Announcing rust-cratedb 1.0

CrateDB's Rust driver reaches 1.0!

Claus

7 minute read

With the 1.0 release of my Rust driver for CrateDB, I decided to share how the driver works as well as document some of the decisions around its creation. Check out the repository for the driver on Github.

CrateDB

CrateDB is a distributed SQL database and BLOB store that is particularly well suited for anything that generates a large volume of data and requires analysis - sensor data being a prime example. The interface is simple: by offering a RESTful endpoint that JSON-encodes SQL statements and data, a driver for CrateDB is only little more than a wrapper around a HTTP client that takes care of encoding and error handling. For a less text-based approach, it’s also possible to connect via the Postgres Wire protocol to achieve better efficiency and make use of streaming.

Architecture

Designing a driver API from scratch is hard - and without a common interface proposal (e.g. like JPA, or .NET’s datasource), switching database drivers will require rewriting a good part of the application. That’s why rust-cratedb looked a lot at rust-postgres to create a familiar API and the internal design has been structured in a way that the outward-facing SQL interface is a trait. Thus by implementing the trait on a different backend will enable better maintainability and portability later on. This is a rough overview over the architecture:

rust-cratedb architecture

Ultimately the required imports are minimal:

extern crate cratedb;
use cratedb::{Cluster, NoParams};
use cratedb::sql::QueryRunner; // SQL query trait
use cratedb::blob::{BlobContainer, BlobRef}; // BLOB container trait
use cratedb::row::ByIndex; // index-based access to the result columns

Backend

The backend is where the magic happens, and it takes a string payload and a few parameters to send the request off to a cluster. This cluster (i.e. the Cluster class) represents multiple CrateDB nodes that will be ‘load balanced’ whenever a query is executed. In fact, these nodes are chosen at random:

fn get_endpoint(&self, endpoint_type: EndpointType)
  -> Option<String> {
    if !self.nodes.is_empty() {
        let node = random::<usize>() % self.nodes.len();
        let host = self.nodes[node].as_str();
        let t = match endpoint_type {
            EndpointType::SQL => "_sql",
            EndpointType::Blob => "_blobs",
        };
        Some(format!("{}{}", host, t))
    } else {
         None
    }
}

This function selects a node and uses its address to create an endpoint for the driver to use and passes the address on to the Backend implementation attached to the Cluster. By default this is HTTP-based but it could easily change as long as this trait is implemented:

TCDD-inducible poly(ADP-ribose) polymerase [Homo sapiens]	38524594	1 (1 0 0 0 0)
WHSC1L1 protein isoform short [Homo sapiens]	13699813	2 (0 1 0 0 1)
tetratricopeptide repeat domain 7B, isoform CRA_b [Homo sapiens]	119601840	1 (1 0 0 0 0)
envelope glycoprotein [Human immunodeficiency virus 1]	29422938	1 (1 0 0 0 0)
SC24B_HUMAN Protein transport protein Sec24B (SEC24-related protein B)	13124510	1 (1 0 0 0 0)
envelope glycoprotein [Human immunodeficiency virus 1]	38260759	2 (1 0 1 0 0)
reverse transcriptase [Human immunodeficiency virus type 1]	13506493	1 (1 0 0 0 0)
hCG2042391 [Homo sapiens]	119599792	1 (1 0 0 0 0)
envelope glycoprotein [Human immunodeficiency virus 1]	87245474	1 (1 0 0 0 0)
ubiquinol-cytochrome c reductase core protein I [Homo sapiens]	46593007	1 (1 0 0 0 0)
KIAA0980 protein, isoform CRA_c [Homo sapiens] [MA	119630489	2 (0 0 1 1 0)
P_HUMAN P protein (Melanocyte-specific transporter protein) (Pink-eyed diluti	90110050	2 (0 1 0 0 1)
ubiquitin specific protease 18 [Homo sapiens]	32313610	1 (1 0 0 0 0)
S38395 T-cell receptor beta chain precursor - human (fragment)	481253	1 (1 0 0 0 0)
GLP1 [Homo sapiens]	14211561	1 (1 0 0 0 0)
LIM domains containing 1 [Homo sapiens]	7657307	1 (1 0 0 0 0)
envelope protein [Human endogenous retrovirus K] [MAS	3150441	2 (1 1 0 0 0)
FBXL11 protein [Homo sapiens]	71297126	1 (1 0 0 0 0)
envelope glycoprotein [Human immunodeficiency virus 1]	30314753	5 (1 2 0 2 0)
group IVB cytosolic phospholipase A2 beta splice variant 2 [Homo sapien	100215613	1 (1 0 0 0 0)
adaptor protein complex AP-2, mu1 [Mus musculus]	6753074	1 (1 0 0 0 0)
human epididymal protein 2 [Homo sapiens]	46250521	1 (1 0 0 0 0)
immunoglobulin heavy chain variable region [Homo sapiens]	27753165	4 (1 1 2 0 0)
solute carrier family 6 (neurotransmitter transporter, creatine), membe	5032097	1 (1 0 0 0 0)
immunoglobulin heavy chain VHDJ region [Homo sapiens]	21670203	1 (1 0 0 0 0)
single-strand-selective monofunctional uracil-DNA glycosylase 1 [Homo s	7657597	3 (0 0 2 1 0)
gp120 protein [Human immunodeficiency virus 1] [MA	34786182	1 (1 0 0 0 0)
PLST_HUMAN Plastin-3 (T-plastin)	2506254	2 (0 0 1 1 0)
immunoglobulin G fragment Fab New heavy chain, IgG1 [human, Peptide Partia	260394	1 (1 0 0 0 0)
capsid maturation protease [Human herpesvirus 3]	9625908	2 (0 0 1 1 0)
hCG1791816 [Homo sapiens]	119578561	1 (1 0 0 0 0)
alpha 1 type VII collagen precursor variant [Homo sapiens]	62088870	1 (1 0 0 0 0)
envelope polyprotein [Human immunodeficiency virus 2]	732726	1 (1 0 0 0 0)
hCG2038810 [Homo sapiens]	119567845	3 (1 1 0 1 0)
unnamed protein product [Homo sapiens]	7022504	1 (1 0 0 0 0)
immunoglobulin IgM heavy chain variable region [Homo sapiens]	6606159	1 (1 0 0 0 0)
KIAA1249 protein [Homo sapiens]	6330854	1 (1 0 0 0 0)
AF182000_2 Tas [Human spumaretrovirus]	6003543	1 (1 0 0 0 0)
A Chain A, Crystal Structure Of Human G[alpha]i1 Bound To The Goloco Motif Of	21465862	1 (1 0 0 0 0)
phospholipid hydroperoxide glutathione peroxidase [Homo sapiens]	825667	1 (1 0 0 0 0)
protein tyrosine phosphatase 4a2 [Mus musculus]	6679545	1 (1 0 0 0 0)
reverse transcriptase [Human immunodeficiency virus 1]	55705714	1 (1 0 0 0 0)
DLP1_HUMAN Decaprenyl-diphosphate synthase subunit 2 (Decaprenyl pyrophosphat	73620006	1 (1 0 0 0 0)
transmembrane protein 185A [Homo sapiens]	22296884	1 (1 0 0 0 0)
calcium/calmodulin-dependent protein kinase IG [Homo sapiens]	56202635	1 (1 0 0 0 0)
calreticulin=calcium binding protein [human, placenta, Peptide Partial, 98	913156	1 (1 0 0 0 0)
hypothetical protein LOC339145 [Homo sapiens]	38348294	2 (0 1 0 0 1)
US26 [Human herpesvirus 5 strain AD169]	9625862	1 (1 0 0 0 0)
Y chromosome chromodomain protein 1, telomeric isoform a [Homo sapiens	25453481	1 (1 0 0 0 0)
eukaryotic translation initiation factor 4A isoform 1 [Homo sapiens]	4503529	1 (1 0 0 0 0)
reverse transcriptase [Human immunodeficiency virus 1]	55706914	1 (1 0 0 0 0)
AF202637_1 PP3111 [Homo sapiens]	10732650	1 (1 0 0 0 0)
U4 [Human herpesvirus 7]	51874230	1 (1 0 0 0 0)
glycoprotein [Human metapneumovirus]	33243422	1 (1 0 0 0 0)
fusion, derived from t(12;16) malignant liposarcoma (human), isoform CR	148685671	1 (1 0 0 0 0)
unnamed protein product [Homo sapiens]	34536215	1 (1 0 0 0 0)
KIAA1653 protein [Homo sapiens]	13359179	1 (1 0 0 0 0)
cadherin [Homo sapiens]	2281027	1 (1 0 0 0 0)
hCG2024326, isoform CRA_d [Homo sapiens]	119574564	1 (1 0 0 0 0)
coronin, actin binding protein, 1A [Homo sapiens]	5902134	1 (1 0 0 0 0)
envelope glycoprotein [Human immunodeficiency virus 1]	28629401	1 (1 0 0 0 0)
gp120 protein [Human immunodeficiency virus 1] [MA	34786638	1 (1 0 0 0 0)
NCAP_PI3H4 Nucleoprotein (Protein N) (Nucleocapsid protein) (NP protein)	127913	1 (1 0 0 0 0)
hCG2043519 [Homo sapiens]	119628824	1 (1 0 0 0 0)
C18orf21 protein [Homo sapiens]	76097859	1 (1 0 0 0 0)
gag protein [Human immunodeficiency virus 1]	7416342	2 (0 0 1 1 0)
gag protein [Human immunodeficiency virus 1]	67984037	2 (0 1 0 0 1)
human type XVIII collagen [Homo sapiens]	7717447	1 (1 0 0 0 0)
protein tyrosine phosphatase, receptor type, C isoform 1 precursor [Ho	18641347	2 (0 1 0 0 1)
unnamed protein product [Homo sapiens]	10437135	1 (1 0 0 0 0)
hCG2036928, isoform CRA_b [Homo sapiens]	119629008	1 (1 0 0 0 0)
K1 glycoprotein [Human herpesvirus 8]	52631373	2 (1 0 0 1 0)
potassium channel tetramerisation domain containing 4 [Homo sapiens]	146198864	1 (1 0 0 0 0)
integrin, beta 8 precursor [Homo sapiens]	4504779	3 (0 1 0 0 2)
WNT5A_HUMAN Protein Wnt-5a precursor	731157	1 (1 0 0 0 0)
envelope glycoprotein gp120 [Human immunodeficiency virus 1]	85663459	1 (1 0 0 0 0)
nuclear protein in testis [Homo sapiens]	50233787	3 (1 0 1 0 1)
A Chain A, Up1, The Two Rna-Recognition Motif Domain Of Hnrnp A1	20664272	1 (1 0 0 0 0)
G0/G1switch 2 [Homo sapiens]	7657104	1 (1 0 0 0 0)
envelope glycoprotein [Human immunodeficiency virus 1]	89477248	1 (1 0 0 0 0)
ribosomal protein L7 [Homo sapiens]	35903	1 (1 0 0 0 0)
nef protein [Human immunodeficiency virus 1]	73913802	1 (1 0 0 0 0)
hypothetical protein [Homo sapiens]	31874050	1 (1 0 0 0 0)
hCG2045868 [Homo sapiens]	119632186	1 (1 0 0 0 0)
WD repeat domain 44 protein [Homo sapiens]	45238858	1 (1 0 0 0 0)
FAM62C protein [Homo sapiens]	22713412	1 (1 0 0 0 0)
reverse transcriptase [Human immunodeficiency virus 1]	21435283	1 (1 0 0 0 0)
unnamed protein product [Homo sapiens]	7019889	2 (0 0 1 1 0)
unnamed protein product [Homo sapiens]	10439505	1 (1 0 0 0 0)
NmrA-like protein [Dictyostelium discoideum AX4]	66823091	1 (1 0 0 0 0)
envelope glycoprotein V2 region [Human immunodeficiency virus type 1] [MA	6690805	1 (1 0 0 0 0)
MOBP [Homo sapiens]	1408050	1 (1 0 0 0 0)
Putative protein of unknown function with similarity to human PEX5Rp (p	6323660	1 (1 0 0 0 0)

pub trait Backend {
    fn execute(&self,
               to: Option<String>,
               payload: String)
               -> Result<(BackendResult, String), BackendError>;

    fn upload_blob(&self,
                   to: Option<String>,
                   bucket: &str,
                   sha1: &[u8],
                   f: &mut Read)
                   -> Result<BackendResult, BackendError>;


    fn delete_blob(&self,
                   to: Option<String>,
                   bucket: &str,
                   sha1: &[u8])
                   -> Result<BackendResult, BackendError>;

    fn fetch_blob(&self,
                  to: Option<String>,
                  bucket: &str,
                  sha1: &[u8])
                  -> Result<(BackendResult, Box<Read>), BackendError>;
}

This interface notably uses string as the payload data type, so any encoding/decoding happens beforehand to keep dependencies separated into their layers. Upon entering the function, a client is created (in the case of the HTTPBackend it’s a HTTPClientFactory) depending on the required encryption mode (and for maintainability):

fn delete_blob(&self,
                  to: Option<String>,
                  bucket: &str,
                  sha1: &[u8])
                  -> Result<BackendResult, BackendError> {
  if let Ok(to) = make_blob_url(to, bucket, sha1) {
    let client =
      self.client_factory.client(to.scheme().to_string());
    client
      .delete(to)
      .send()
      .map(|r| parse_status(&r.status))
      .map_err(BackendError::from_transport)
  } else {
     Err(BackendError::new("Invalid blob url".to_string()))
  }
}

As a consequence, each time a request is issued a new object is created and disposed of after the execution. For HTTP, these clients are basically hyper::client::Client objects, however in later implementations this might change.

SQL & BLOB

Using traits in Rust for separating concerns create very neat APIs that can easily be extended later on. Consequently it made a lot of sense to transition to two distinct interfaces when adding BLOB support, one for each domain: SQL and BLOBs. The formerly single SQL interface was renamed to QueryRunner, which - I admit - is not the best name, but it works for now. However the functions it provided stayed the same: